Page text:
The Plot Book essentially stands in for a live facilitator. The branching approximates simple if/then decisions along the way, much like some larp scripts mandate that certain events will take place in the course of the session. The point isn’t to solve the plot, it’s to experience the events as they are revealed. We’re playing to find out.

In our first session, we were told (via box text read aloud) that we’d just awakened from cryosleep, there’s some minor problems with our robot helpers, and we needed to get our round of ship management started. It’s a learning session, so just completing one round of play is how it starts.

Gameplay comes down to addressing a number of crises, drawn from a large-ish deck, while pursuing our own secret objectives. The tension between cooperating to keep the ship operational and pursuing our own goals feels similar to the structure of some freeforms and larps I’ve done. You know, the ones where you have a stated role (the commander of the fortress, the head of a religious sect) and hidden questions you’re working toward answering in play.

The Plot Book introduces wrinkles to this tension, further stirring the pot. In our game, near the end of the first session, we’d had to decide by vote whether to disengage our ship’s AI from running our life support, or carry on with our normal operations. Do we trust HAL? That was our first branch, and (not trusting our AI, nosiree) we ended up taking our AI offline. Doing that introduced new and interesting pressures, further drawing us away from our own goals.

Pursuing our own goals have a tangible payoff in both “stars” and “merit.” Stars buy you perks, which you’ll accumulate across sessions. Merit helps you gain new ranks (think 3:16!), which allows you to hold more perks and gives you more votes when crew votes come up. If you end up “top officer” (i.e. earn the most Merit), you also get to be the “star” next session. The point of that is to give you more draws from the Crossroads deck, little narrative decision points that impact you, or the ship, or future events as you start adding new secret cards to the various decks in play.

On the table, fully laid out, the game looks like it’s going to be a worker placement thing. And it is, basically: on your turn, you’re choosing how to deploy your faction’s (barracks, which are responsible for various ship operations: data, robotos, manufacturing and biology) colonists, a small pool of d6es. There are “seats” all over the table where you can send your colonists, as well as a growing list of crises that require sets of colonists as well as external resources to solve.

If someone deployed such an elaborate set of dramatic and procedural inputs in a freeform game, it’d be an utter failure. I mean that’s obvious and uncontroversial. But if you get past the elaborate stuff — most likely by internalizing the game’s procedures to the point where it’s all pretty smooth, much like we do with complicated RPGs — the feels are right there, waiting to be felt.

I was about to tick off the “obvious” differences between feels-forward board games and feels-forward roleplaying, but every time I came up with one, I had to stop and think about it.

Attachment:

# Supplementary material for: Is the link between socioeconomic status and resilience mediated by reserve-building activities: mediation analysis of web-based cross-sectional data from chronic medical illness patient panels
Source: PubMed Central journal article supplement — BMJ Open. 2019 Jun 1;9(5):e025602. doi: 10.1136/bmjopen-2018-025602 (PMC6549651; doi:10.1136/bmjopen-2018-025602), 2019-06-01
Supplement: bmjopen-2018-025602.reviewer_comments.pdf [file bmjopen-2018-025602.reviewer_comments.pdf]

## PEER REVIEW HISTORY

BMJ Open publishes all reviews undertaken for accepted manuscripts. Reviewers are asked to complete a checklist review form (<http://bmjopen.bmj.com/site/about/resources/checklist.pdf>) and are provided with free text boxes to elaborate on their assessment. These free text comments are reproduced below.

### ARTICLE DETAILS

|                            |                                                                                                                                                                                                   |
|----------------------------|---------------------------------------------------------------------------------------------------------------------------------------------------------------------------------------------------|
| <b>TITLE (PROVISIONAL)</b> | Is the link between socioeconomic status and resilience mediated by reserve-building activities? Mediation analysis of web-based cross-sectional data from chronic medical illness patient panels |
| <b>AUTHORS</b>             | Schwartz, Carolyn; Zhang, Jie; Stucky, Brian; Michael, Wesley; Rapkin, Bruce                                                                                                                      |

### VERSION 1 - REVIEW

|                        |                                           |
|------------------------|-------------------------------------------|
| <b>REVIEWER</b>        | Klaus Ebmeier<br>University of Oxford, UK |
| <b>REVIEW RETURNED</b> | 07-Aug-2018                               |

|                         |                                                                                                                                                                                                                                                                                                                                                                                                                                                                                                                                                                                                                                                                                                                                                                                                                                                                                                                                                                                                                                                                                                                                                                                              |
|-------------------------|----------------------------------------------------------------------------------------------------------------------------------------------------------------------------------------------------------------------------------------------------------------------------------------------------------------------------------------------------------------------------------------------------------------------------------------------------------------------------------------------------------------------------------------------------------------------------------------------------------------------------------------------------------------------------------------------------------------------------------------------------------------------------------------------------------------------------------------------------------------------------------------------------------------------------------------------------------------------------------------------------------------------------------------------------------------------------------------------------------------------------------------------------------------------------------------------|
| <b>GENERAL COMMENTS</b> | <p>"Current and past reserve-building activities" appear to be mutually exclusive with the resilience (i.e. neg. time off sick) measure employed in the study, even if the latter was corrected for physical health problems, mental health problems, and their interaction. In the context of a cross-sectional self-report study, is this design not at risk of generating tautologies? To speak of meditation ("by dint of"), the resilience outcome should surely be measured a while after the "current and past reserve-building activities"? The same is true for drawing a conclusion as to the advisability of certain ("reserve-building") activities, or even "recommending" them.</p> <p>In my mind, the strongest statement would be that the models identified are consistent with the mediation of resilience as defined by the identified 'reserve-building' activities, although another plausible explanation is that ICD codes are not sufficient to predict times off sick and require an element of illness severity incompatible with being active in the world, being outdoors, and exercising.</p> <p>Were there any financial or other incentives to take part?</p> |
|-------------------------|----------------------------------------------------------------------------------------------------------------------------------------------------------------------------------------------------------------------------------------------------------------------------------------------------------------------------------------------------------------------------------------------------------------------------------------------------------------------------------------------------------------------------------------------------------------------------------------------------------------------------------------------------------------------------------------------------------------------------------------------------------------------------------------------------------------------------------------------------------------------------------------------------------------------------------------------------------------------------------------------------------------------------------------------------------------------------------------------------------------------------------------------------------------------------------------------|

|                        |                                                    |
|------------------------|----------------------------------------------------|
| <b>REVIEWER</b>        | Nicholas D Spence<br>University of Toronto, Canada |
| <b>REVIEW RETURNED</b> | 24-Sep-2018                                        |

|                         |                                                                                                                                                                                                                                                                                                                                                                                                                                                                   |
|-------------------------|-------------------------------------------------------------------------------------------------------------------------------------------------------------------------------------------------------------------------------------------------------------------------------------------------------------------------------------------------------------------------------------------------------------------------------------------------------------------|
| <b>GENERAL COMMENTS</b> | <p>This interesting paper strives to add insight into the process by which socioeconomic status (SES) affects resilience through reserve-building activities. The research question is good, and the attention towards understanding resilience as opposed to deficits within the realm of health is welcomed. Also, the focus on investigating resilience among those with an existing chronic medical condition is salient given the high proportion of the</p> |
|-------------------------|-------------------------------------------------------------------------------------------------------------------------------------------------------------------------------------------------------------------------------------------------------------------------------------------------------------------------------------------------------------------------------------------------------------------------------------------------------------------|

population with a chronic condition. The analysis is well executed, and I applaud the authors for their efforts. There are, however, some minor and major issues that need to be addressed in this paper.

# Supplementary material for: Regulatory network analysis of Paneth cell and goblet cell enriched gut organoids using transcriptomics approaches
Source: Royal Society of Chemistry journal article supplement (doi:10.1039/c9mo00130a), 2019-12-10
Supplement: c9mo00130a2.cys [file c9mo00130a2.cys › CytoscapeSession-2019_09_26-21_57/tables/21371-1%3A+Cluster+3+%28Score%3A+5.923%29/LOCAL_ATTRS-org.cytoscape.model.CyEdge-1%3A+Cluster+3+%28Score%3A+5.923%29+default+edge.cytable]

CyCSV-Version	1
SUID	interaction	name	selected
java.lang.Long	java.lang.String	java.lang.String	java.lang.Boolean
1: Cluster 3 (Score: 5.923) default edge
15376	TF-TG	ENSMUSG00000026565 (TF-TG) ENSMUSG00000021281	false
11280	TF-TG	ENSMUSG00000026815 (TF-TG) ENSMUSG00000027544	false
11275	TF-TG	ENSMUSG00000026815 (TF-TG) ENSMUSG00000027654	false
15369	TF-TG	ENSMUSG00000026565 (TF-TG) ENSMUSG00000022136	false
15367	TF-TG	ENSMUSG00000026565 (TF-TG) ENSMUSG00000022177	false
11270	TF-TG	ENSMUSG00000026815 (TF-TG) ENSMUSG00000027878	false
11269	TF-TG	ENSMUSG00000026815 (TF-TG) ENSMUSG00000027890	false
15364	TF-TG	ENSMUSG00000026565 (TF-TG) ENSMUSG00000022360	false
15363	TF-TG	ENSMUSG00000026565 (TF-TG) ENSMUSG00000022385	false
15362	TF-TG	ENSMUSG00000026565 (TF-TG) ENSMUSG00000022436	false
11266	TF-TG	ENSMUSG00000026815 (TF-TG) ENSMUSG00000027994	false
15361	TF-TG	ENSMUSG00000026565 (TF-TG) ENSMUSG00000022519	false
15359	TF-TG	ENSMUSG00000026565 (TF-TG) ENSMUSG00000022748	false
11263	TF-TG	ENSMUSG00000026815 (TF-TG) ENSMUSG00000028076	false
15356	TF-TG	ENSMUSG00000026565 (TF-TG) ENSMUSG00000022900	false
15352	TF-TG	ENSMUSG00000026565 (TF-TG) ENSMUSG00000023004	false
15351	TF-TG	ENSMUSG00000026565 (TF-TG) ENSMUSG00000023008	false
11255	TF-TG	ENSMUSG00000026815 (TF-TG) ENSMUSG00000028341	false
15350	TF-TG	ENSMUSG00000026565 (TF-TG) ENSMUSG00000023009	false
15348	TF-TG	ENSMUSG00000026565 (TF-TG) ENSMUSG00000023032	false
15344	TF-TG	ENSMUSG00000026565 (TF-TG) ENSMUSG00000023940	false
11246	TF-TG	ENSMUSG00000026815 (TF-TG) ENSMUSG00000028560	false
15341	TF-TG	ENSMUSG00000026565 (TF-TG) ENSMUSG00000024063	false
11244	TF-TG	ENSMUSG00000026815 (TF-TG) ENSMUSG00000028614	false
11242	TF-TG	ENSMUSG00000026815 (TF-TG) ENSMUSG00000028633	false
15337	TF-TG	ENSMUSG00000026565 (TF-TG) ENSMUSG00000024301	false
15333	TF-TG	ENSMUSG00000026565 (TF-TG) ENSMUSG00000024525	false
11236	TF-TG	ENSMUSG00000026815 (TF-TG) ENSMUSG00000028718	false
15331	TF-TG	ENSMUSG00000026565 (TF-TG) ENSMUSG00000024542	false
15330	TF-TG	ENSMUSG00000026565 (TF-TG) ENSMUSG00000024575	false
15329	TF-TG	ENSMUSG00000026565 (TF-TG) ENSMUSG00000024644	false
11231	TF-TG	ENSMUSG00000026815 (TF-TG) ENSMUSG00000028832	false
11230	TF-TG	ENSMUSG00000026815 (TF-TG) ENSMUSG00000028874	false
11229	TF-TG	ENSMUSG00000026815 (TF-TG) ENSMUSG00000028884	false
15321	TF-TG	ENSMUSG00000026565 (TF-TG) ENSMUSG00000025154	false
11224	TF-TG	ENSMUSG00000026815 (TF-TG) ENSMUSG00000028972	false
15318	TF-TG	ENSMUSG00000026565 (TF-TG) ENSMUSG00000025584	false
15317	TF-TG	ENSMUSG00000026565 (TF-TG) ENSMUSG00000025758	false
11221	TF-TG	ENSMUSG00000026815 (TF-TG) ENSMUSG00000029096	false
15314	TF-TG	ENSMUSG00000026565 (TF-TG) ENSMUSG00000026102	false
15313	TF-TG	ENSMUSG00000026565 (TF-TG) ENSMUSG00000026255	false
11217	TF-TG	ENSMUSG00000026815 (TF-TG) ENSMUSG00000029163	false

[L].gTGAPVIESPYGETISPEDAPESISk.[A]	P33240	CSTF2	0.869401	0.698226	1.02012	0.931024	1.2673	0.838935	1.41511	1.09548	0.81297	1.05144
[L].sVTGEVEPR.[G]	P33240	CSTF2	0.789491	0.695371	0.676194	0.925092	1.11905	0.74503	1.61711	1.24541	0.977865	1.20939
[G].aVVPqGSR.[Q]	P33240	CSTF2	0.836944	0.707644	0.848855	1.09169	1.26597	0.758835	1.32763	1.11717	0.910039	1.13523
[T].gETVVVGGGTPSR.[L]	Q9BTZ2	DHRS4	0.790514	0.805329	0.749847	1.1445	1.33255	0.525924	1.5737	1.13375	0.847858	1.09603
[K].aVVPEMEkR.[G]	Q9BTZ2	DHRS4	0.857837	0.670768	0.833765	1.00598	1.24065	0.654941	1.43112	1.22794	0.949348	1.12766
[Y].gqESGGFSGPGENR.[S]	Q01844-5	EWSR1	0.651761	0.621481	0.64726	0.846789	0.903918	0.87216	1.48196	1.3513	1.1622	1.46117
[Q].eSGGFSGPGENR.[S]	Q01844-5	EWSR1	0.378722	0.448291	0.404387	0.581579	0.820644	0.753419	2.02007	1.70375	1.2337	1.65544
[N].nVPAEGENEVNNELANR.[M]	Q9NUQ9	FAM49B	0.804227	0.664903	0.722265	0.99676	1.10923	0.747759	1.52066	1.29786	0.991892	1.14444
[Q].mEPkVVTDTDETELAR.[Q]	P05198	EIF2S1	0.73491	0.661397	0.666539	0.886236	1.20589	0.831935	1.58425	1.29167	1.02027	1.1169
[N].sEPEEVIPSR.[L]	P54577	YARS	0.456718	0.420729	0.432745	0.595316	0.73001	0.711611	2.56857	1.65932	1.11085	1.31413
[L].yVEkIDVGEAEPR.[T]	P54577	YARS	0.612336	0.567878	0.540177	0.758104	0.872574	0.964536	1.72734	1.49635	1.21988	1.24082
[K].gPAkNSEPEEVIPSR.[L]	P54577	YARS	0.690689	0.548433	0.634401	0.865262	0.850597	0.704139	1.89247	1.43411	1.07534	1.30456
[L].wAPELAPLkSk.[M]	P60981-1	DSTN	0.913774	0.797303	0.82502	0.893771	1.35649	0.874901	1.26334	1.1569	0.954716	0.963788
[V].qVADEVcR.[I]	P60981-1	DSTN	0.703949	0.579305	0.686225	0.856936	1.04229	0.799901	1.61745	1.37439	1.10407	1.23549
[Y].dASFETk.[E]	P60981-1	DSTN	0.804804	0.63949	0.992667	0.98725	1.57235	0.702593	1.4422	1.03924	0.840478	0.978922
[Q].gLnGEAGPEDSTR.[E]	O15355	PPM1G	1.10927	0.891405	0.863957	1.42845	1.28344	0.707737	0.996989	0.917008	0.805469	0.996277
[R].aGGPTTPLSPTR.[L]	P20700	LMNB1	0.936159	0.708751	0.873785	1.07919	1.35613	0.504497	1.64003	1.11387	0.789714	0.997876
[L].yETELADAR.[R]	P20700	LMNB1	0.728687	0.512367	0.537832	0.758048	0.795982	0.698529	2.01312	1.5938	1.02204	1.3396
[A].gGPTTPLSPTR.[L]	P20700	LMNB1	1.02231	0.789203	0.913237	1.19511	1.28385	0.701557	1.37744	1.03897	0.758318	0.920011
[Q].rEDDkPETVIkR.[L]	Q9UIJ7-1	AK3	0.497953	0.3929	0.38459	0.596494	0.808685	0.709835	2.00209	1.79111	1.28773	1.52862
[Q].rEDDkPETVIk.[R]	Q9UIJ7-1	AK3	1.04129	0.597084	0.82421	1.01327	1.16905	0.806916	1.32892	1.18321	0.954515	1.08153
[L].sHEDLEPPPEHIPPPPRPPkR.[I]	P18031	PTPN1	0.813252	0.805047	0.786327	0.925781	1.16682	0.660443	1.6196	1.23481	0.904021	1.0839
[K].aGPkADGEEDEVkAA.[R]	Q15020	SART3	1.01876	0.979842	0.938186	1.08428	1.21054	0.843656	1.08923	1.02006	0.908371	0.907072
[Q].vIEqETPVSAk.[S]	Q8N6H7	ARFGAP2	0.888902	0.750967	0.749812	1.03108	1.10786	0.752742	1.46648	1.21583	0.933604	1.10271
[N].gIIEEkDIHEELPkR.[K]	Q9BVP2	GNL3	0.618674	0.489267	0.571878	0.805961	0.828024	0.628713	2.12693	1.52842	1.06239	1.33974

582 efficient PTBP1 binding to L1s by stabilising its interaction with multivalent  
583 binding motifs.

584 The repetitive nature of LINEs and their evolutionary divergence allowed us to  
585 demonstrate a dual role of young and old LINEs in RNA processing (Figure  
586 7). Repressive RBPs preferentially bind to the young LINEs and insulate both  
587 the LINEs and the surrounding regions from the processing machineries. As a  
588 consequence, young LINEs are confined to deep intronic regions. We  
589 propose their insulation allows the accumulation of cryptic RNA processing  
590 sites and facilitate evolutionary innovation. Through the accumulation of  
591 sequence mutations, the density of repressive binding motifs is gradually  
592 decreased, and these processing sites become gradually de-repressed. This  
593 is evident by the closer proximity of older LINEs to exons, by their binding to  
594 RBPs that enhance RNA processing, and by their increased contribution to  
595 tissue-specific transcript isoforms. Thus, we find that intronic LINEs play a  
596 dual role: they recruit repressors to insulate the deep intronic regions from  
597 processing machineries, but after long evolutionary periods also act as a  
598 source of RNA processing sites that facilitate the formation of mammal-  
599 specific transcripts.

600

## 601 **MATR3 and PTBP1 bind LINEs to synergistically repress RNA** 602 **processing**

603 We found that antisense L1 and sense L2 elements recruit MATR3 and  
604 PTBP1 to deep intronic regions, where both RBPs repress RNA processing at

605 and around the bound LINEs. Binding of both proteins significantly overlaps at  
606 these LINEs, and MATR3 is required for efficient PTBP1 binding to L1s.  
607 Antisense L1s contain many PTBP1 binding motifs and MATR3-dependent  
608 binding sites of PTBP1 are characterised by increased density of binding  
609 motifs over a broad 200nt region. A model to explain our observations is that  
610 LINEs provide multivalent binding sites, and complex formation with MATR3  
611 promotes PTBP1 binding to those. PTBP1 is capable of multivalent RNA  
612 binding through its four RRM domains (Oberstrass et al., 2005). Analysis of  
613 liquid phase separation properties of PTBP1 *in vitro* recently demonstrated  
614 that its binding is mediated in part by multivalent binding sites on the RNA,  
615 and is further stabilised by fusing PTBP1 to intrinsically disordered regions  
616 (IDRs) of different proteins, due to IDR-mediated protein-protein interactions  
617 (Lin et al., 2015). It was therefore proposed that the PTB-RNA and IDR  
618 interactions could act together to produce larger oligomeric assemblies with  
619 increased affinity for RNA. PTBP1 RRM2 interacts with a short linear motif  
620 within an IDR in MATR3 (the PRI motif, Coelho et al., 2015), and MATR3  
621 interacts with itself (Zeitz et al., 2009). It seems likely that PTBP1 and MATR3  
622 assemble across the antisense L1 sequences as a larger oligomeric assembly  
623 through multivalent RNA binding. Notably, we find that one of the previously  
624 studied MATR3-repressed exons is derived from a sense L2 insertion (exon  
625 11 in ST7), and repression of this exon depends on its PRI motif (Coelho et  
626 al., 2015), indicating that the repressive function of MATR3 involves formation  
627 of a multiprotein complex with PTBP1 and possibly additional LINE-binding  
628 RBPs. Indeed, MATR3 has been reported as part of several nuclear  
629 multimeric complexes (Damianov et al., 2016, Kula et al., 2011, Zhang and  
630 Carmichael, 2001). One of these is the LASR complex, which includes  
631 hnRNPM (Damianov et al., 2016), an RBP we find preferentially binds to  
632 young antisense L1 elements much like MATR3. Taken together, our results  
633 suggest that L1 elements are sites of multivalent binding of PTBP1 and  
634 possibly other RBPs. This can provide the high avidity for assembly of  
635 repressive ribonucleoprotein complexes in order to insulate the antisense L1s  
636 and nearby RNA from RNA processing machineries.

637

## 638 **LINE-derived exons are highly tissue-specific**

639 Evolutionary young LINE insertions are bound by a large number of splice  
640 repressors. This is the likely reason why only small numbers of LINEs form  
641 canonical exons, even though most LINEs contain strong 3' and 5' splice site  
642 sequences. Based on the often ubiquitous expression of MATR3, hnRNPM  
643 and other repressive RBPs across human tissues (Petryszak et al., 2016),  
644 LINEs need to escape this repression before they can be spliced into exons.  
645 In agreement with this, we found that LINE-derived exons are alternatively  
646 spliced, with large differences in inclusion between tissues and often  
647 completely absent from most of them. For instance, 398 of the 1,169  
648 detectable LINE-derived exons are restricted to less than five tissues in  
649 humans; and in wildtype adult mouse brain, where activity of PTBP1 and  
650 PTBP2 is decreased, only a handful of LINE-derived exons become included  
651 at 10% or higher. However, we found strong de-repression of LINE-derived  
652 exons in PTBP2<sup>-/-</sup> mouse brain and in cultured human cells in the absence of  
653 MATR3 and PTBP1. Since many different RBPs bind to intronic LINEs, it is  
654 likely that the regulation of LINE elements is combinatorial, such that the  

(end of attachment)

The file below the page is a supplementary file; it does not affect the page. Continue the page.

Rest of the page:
Shared Imagined Space (SIS): This is the big one. Like, when you’re playing BSG or Gen7, the crises that arise don’t really fictionally “matter.” I have an operations goal I’m trying to achieve called, oh, “population census” or whatever. The name doesn’t matter, you’re not “actually” rooting around in computer records, I’m not play-acting any of that and having a scene around carrying out my census duties. But what I’m doing looks less efficient to my fellow players than, you know, jumping on that busted generator down in engineering that’s threatening the whole ship with permanent disaster. The SIS isn’t about exploring the fiction, it’s about exploring the relationships between players and that imagined space is very much shared. And if we’re really being honest, I think we can point to lots of RPGs (larps, freeforms, all of them) where exploring relationships matters more than exploring fictional elements.

Characterization: There’s no mandate, or even suggestion, that you come up with a distinct character for your role. And yet you still have a role. Gen7 does the mouse-cloak color thing where you get a little character ownership early on, by naming your character. You’re also assigned a relationship with one of several NPC cards, which impacts certain Crossroads cards as they come up. Again with the honesty: Many, maybe most times, at a tabletop RPG session, characterization is pretty weak too. Like, fine, you’re a moody elven hunter but not really. You’re just Joe the Roleplayer, being Joe.

But what about the stoooory: Since events are advanced by movement through the Plot Book, no, there is no facilitator shaping events into meaningful drama. But there’s still definitely drama as players argue about things like whether to trust our AI or whether to let our chems lab get damaged because, hey, I’ve got better things to do with my time. I can feel the edges of meaning as those arguments happen! This is where games like Gen7 feel a whole lot like scripted freeforms/larps: we bring meaning to the events that are going to happen no matter what, and driving “the plot” isn’t the point.

In the end, though, Gen7 is not an RPG. It is mechanically so elaborate that most of my bandwidth was taken up trying to work out my play in terms of efficiency and advancement. (Side note: I’m also aware of freeforms that use similar bandwidth-engaging tricks to distract, misdirect or focus the players.) You can’t really explore the fiction in an RPG-y way. But it definitely licked a bunch of emotional and intellectual spots that get licked in similar ways when I’ve played feels-forward freeforms that have similar constraints.